The last four decades have witnessed a remarkable transformation in the fundamental capabilities of tomographic imaging, as well as in its corresponding societal role. The development of Computed Tomography, Positron Emission Tomography and Magnetic Resonance Imaging have provided new windows onto the structure and function of tissues in the human body, making exquisite cross-sectional images a commonplace in the public imagination, and at the same time radically transforming the practice of medicine.

Imaging has become so integral to the processes of clinical diagnosis and management that it now represents a kind of extension of the physician’s natural senses. At the same time, with the utilization and the corresponding net cost of imaging studies skyrocketing, there is growing pressure to improve imaging efficiency and tailor image information content for the documented improvement of patient outcomes. We believe that nothing less than a redefinition of the role of time in imaging is called for to meet this challenge. Traditionally, tomographic imaging studies have been performed according to well-defined sequential protocols, in which each desired anatomical view or image contrast is prescribed in advance, and data acquisition continues, sometimes laboriously and expensively, until each prescribed dataset is complete. Our research has increasingly directed us toward a new paradigm, in which diverse image information is gathered rapidly and continuously, with sufficient flexibility and comprehensiveness that the clinician can decide what he or she wishes to see after the fact, even if the clinical picture departs from prior expectations.

NYU's Center for Advanced Imaging Innovation and Research

Development and practical clinical validation of such a paradigm clearly requires a close collaboration of clinicians with basic imaging researchers. Translation of this kind of approach into broad and routine clinical practice in more than a few academic sites also clearly requires the engagement of the medical systems companies who build, maintain, and distribute imaging devices around the world. Meanwhile, fundamental connections between continuous acquisition approaches in multiple imaging modalities such as MR and PET suggest synergies between these modalities that go beyond traditional multimodality image superpositions. Simultaneous acquisition of image data with diverse and complementary sensitivities to subtle tissue features promises to provide rich conjoined datasets with heretofore inaccessible precision and information content. NYU School of Medicine’s response to these unique and exciting challenge is CAI²R, a new center with the mission of bringing people together to create new ways of seeing.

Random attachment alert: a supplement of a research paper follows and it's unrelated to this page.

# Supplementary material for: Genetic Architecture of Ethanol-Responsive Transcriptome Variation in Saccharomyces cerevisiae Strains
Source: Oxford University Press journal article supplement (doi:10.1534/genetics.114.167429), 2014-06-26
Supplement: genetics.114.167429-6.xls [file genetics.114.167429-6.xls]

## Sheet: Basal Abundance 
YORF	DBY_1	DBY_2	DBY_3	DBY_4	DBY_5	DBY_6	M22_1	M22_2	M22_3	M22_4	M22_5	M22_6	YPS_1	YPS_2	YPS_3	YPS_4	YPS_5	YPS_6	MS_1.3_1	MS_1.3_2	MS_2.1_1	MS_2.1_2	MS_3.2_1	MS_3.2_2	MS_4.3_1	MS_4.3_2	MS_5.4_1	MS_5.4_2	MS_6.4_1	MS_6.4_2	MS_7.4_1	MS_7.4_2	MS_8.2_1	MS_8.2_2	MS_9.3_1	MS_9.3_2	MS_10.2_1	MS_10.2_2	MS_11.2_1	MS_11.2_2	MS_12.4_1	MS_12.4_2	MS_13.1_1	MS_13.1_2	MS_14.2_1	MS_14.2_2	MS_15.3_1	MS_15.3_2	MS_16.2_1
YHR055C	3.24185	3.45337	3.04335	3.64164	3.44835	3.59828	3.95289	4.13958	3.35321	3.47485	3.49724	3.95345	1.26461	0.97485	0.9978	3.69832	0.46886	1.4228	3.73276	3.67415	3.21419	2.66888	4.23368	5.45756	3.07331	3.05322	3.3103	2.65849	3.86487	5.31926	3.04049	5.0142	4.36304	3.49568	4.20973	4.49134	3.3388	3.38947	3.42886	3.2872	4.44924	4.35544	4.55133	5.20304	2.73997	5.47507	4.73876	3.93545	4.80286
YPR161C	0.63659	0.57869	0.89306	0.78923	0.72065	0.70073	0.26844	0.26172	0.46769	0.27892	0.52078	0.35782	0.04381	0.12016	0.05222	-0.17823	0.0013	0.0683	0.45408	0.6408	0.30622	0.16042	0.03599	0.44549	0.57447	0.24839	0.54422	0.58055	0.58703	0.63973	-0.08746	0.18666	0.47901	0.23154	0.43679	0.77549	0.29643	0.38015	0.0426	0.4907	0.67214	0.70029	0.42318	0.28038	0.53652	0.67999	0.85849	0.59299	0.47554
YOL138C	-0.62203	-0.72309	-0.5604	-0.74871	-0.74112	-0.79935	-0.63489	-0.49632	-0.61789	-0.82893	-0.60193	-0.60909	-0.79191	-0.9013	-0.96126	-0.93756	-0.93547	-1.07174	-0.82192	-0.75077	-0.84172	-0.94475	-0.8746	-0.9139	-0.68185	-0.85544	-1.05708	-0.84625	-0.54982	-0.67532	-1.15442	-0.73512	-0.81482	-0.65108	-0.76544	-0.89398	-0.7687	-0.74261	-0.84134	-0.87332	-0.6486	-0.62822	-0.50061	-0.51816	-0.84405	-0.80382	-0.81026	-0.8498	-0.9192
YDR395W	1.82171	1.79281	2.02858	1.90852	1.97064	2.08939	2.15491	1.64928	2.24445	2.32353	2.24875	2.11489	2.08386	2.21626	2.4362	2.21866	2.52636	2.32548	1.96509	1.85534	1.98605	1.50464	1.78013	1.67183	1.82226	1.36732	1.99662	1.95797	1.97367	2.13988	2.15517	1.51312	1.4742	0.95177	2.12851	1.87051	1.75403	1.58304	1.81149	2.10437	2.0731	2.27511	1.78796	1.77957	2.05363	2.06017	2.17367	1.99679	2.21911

The Center for Advanced Imaging Innovation and Research (CAI²R) combines three interrelated areas of novel imaging technology development with a unique new model for interdepartmental and academic-industrial collaboration aimed at translating that technology rapidly and effectively into clinical practice. The technologies to be developed center around a new paradigm of continuous acquisition and flexible image reconstruction which will affect and connect multiple imaging modalities, including magnetic resonance imaging (MRI) and Positron Emission Tomography (PET).

Research Areas

Our first focal area of technology research and development involves development and dissemination of tools for continuous MR acquisition with flexible information-rich reconstruction, and deployment of related approaches to overcome key limitations in PET. Our second cluster of research and development will provide key tools to enhance this continuous-acquisition approach, at the same time addressing longstanding unsolved problems surrounding the interactions between radiofrequency fields and tissuezoom in MR. Our third focus will be to take advantage of the new continuous acquisition approach and the image reconstruction strategies we have developed to advance the fundamental capabilities of PET, both through analogies with MR and through synergies with simultaneously acquired MR data using a combined MR-PET scanner.

CAI²R has an explicit translational focus, which is reflected in the day-to-day operation not only of our core research and development projects but also our extensive network of collaborative and service projects, which are focused on three general areas of high public health impact: cancer, musculoskeletal disease, and neurologic disease. In keeping with this translational emphasis, CAI²R is also driven by a novel collaboration model in which basic scientists, clinicians, and industry developers sit down together regularly at the scanners and in reading rooms for interactive technology development and assessment. This interdisciplinary collaboration model also informs our training activities, and, with early involvement of clinical stakeholders and industry partners, we aim to make CAI²R technologies available for broad clinical and research use.


Philanthropic Support

We gratefully acknowledge generous support for radiology research at NYU Langone Health from:
• The Big George Foundation
• Raymond and Beverly Sackler
• Bernard and Irene Schwartz

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